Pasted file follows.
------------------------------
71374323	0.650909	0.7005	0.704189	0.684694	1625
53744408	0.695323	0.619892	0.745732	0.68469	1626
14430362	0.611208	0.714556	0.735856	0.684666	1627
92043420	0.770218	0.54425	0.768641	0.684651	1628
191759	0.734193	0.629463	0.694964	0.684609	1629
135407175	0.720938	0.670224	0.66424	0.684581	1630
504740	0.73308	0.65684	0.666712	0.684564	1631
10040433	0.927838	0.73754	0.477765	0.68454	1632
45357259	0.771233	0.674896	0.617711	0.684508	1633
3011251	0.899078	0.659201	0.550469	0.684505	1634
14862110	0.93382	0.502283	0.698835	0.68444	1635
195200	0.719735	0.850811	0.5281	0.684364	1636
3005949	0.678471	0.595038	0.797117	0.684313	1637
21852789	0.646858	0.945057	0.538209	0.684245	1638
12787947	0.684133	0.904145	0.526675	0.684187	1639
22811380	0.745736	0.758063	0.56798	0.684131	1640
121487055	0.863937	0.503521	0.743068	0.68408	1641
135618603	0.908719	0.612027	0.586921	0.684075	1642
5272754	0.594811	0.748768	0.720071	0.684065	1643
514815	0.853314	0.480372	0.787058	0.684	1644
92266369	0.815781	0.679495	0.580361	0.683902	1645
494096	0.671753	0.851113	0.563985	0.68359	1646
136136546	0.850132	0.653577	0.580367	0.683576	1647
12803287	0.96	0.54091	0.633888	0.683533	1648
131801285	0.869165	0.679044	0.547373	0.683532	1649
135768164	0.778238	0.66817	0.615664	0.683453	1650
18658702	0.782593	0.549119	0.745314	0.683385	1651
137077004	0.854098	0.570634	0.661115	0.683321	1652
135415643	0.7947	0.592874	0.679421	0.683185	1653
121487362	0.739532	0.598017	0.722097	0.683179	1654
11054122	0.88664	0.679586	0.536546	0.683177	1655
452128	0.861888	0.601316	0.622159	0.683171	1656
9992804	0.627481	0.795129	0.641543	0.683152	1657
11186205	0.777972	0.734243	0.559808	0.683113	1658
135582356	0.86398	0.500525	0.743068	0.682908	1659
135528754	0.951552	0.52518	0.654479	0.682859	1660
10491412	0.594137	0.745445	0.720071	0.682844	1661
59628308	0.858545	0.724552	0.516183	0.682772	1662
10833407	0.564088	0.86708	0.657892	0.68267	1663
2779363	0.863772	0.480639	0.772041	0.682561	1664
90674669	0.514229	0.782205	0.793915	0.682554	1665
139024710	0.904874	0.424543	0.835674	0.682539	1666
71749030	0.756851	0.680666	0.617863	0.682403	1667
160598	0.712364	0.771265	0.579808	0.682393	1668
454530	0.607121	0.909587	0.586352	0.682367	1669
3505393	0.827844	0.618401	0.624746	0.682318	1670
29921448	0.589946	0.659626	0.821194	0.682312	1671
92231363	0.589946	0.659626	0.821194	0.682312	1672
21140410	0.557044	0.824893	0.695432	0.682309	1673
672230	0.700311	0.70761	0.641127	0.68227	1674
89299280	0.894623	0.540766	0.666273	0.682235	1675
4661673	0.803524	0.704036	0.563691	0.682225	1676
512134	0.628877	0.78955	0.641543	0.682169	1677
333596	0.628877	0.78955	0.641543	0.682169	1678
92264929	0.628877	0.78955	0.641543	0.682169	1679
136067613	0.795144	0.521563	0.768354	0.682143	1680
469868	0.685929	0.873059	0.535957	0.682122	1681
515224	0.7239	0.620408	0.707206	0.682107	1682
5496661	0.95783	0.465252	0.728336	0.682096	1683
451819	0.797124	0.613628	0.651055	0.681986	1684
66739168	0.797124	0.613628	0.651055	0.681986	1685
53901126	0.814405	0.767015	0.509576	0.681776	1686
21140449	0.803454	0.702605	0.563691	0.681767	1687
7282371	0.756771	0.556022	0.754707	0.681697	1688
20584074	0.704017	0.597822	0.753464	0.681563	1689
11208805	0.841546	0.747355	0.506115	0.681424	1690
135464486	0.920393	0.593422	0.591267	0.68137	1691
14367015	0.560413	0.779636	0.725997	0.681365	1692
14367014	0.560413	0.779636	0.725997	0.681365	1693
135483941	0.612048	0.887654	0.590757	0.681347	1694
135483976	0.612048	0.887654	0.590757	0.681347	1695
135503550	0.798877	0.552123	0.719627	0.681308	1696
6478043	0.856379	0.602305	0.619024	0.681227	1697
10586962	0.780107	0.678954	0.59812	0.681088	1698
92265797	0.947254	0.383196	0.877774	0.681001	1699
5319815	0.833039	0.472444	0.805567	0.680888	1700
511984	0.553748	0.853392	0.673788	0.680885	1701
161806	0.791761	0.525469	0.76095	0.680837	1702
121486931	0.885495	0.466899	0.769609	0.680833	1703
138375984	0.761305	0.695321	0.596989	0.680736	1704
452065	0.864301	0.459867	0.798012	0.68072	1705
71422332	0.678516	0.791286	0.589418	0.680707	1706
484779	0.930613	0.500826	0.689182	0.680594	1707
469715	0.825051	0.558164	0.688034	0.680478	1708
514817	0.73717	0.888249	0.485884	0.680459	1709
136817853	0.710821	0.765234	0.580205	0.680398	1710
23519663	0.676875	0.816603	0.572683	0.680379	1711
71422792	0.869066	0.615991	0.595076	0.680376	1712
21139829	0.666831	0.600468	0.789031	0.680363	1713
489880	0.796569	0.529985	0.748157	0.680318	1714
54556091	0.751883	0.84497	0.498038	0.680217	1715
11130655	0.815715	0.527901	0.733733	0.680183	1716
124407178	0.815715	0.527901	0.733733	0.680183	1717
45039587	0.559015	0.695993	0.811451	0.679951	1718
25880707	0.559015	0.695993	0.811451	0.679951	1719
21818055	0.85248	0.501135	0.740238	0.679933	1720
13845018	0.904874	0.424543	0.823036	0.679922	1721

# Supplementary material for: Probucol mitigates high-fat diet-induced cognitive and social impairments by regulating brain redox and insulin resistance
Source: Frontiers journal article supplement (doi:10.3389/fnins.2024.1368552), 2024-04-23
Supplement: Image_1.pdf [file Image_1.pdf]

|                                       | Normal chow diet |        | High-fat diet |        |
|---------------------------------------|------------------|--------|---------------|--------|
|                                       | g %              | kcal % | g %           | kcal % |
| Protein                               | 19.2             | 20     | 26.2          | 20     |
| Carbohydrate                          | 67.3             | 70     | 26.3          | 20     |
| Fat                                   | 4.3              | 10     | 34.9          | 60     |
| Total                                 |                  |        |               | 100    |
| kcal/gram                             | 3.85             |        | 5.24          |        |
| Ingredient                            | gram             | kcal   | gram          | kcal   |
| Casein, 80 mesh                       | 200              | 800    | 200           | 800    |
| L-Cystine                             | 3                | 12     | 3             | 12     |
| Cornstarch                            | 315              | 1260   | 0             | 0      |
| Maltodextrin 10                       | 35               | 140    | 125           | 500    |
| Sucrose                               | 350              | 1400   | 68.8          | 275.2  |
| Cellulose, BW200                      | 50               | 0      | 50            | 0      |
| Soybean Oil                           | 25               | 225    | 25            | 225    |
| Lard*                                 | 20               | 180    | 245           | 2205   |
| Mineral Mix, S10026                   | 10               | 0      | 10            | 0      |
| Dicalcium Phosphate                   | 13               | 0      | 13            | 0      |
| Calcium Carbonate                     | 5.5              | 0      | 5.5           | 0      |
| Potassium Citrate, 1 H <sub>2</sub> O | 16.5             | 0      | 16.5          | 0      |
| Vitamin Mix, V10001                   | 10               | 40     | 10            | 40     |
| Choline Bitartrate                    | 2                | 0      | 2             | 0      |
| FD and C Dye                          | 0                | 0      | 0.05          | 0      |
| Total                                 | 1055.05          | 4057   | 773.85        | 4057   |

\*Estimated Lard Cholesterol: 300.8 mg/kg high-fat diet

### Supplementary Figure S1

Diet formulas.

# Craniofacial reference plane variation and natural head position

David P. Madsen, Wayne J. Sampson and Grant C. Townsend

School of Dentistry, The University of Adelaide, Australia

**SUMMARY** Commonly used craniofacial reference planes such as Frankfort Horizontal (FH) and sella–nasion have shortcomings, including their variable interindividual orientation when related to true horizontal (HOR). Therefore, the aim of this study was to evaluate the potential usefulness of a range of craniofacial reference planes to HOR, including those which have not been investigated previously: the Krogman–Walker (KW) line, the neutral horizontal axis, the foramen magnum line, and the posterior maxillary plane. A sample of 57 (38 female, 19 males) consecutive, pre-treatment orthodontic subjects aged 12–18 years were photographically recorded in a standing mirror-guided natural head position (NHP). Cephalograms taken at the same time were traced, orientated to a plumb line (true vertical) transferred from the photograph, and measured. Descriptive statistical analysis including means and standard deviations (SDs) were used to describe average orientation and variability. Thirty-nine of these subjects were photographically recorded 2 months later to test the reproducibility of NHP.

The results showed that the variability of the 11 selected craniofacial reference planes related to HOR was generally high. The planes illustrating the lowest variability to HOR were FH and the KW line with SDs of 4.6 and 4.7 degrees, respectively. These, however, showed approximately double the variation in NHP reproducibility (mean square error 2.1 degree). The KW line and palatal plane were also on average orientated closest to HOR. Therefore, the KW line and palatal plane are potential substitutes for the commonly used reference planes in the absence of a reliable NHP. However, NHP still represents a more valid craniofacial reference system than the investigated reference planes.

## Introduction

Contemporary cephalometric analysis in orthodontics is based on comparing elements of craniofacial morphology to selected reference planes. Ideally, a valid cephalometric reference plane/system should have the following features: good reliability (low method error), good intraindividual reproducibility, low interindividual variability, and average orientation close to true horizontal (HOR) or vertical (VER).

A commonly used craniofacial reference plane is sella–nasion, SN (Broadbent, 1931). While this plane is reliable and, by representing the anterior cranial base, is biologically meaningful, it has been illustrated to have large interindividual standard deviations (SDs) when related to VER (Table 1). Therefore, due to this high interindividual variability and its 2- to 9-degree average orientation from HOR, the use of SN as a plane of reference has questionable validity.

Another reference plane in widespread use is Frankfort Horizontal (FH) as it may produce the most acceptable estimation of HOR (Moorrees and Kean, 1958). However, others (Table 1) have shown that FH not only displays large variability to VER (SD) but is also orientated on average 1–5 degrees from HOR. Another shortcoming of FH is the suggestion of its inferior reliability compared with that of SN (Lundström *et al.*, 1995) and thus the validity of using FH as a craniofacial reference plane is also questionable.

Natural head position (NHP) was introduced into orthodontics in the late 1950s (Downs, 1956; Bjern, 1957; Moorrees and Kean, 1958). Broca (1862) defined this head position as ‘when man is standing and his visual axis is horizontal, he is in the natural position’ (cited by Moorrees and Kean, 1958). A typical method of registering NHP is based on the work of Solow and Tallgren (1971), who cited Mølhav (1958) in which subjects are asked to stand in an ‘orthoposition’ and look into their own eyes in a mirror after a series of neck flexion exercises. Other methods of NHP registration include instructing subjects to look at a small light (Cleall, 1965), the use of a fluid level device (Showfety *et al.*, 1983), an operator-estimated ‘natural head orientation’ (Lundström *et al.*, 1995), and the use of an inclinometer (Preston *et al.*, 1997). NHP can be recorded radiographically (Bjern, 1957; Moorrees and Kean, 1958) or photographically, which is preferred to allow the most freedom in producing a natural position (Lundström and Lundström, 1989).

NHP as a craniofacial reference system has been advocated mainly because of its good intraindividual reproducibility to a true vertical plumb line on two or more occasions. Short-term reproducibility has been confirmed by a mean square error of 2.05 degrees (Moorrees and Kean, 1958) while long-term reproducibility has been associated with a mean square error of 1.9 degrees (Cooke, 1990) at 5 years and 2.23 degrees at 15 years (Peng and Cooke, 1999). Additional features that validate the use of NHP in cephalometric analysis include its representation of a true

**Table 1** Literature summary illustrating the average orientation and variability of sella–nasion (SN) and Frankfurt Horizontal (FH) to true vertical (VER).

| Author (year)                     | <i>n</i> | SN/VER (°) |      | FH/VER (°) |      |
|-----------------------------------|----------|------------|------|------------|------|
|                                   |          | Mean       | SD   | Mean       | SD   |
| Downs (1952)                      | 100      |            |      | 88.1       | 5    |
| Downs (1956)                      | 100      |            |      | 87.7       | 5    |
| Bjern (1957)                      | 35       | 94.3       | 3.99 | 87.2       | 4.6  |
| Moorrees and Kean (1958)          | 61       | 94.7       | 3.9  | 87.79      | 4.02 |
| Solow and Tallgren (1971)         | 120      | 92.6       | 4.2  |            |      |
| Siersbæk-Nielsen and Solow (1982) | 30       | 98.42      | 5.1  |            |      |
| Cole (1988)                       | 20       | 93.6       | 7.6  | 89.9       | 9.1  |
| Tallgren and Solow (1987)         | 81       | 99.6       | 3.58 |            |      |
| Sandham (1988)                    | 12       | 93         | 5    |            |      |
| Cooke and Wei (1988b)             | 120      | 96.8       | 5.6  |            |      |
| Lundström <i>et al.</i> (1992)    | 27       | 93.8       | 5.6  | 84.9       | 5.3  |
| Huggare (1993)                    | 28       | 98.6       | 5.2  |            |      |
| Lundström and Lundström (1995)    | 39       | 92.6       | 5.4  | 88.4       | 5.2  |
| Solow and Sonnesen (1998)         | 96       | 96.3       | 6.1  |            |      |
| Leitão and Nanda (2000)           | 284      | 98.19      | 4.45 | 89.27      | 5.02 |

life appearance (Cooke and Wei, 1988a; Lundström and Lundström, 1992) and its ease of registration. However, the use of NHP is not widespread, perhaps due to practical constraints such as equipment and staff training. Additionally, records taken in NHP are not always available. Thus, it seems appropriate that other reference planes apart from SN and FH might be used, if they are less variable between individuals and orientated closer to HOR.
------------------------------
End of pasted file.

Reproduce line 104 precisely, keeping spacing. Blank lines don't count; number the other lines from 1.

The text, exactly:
| Protein                               | 19.2             | 20     | 26.2          | 20     |